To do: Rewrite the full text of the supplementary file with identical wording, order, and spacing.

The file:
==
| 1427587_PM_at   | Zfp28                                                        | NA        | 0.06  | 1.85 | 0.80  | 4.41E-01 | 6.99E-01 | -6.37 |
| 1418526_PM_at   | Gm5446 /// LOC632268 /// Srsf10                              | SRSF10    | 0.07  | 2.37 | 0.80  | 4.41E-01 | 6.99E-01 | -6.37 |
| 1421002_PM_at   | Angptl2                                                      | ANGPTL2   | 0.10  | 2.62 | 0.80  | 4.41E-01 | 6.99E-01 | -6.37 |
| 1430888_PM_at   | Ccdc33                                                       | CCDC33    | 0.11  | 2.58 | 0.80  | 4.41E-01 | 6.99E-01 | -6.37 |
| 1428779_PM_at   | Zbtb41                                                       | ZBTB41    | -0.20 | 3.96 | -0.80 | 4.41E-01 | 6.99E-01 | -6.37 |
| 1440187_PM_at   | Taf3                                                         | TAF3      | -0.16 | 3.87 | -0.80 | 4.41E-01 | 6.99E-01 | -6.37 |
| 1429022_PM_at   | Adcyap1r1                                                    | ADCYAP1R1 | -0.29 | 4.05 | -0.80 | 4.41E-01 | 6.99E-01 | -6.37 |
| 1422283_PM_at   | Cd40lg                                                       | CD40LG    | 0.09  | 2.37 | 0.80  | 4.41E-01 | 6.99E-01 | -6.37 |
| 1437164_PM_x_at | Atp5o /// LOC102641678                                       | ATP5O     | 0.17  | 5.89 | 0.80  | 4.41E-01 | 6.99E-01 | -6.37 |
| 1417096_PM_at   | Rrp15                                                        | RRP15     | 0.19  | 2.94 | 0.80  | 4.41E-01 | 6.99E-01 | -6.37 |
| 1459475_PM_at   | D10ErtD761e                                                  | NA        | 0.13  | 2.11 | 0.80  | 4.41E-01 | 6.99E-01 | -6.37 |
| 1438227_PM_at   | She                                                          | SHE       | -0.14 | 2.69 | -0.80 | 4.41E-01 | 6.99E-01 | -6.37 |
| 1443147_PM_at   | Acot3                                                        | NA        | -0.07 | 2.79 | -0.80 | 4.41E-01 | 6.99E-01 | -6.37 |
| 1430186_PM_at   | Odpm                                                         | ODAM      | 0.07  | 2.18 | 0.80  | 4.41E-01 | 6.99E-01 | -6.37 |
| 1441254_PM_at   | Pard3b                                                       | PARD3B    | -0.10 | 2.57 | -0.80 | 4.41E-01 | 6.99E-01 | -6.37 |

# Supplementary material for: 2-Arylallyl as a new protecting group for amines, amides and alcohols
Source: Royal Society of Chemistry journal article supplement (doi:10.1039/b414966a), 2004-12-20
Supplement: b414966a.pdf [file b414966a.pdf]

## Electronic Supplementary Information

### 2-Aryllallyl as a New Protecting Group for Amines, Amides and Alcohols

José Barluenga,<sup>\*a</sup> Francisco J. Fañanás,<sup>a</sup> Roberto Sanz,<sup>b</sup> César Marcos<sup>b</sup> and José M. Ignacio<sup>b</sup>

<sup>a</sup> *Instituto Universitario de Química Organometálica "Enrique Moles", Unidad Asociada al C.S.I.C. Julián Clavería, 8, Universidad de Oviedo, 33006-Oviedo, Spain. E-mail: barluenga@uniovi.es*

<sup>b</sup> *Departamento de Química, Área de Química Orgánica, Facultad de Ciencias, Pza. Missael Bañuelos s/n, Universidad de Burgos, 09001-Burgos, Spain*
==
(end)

| 1427587_PM_at   | Zfp28                                                        | NA        | 0.06  | 1.85 | 0.80  | 4.41E-01 | 6.99E-01 | -6.37 |
| 1418526_PM_at   | Gm5446 /// LOC632268 /// Srsf10                              | SRSF10    | 0.07  | 2.37 | 0.80  | 4.41E-01 | 6.99E-01 | -6.37 |
| 1421002_PM_at   | Angptl2                                                      | ANGPTL2   | 0.10  | 2.62 | 0.80  | 4.41E-01 | 6.99E-01 | -6.37 |
| 1430888_PM_at   | Ccdc33                                                       | CCDC33    | 0.11  | 2.58 | 0.80  | 4.41E-01 | 6.99E-01 | -6.37 |
| 1428779_PM_at   | Zbtb41                                                       | ZBTB41    | -0.20 | 3.96 | -0.80 | 4.41E-01 | 6.99E-01 | -6.37 |
| 1440187_PM_at   | Taf3                                                         | TAF3      | -0.16 | 3.87 | -0.80 | 4.41E-01 | 6.99E-01 | -6.37 |
| 1429022_PM_at   | Adcyap1r1                                                    | ADCYAP1R1 | -0.29 | 4.05 | -0.80 | 4.41E-01 | 6.99E-01 | -6.37 |
| 1422283_PM_at   | Cd40lg                                                       | CD40LG    | 0.09  | 2.37 | 0.80  | 4.41E-01 | 6.99E-01 | -6.37 |
| 1437164_PM_x_at | Atp5o /// LOC102641678                                       | ATP5O     | 0.17  | 5.89 | 0.80  | 4.41E-01 | 6.99E-01 | -6.37 |
| 1417096_PM_at   | Rrp15                                                        | RRP15     | 0.19  | 2.94 | 0.80  | 4.41E-01 | 6.99E-01 | -6.37 |
| 1459475_PM_at   | D10ErtD761e                                                  | NA        | 0.13  | 2.11 | 0.80  | 4.41E-01 | 6.99E-01 | -6.37 |
| 1438227_PM_at   | She                                                          | SHE       | -0.14 | 2.69 | -0.80 | 4.41E-01 | 6.99E-01 | -6.37 |
| 1443147_PM_at   | Acot3                                                        | NA        | -0.07 | 2.79 | -0.80 | 4.41E-01 | 6.99E-01 | -6.37 |
| 1430186_PM_at   | Odpm                                                         | ODAM      | 0.07  | 2.18 | 0.80  | 4.41E-01 | 6.99E-01 | -6.37 |
| 1441254_PM_at   | Pard3b                                                       | PARD3B    | -0.10 | 2.57 | -0.80 | 4.41E-01 | 6.99E-01 | -6.37 |

# Supplementary material for: 2-Arylallyl as a new protecting group for amines, amides and alcohols
Source: Royal Society of Chemistry journal article supplement (doi:10.1039/b414966a), 2004-12-20
Supplement: b414966a.pdf [file b414966a.pdf]

## Electronic Supplementary Information

### 2-Aryllallyl as a New Protecting Group for Amines, Amides and Alcohols

José Barluenga,<sup>\*a</sup> Francisco J. Fañanás,<sup>a</sup> Roberto Sanz,<sup>b</sup> César Marcos<sup>b</sup> and José M. Ignacio<sup>b</sup>

<sup>a</sup> *Instituto Universitario de Química Organometálica "Enrique Moles", Unidad Asociada al C.S.I.C. Julián Clavería, 8, Universidad de Oviedo, 33006-Oviedo, Spain. E-mail: barluenga@uniovi.es*

<sup>b</sup> *Departamento de Química, Área de Química Orgánica, Facultad de Ciencias, Pza. Missael Bañuelos s/n, Universidad de Burgos, 09001-Burgos, Spain*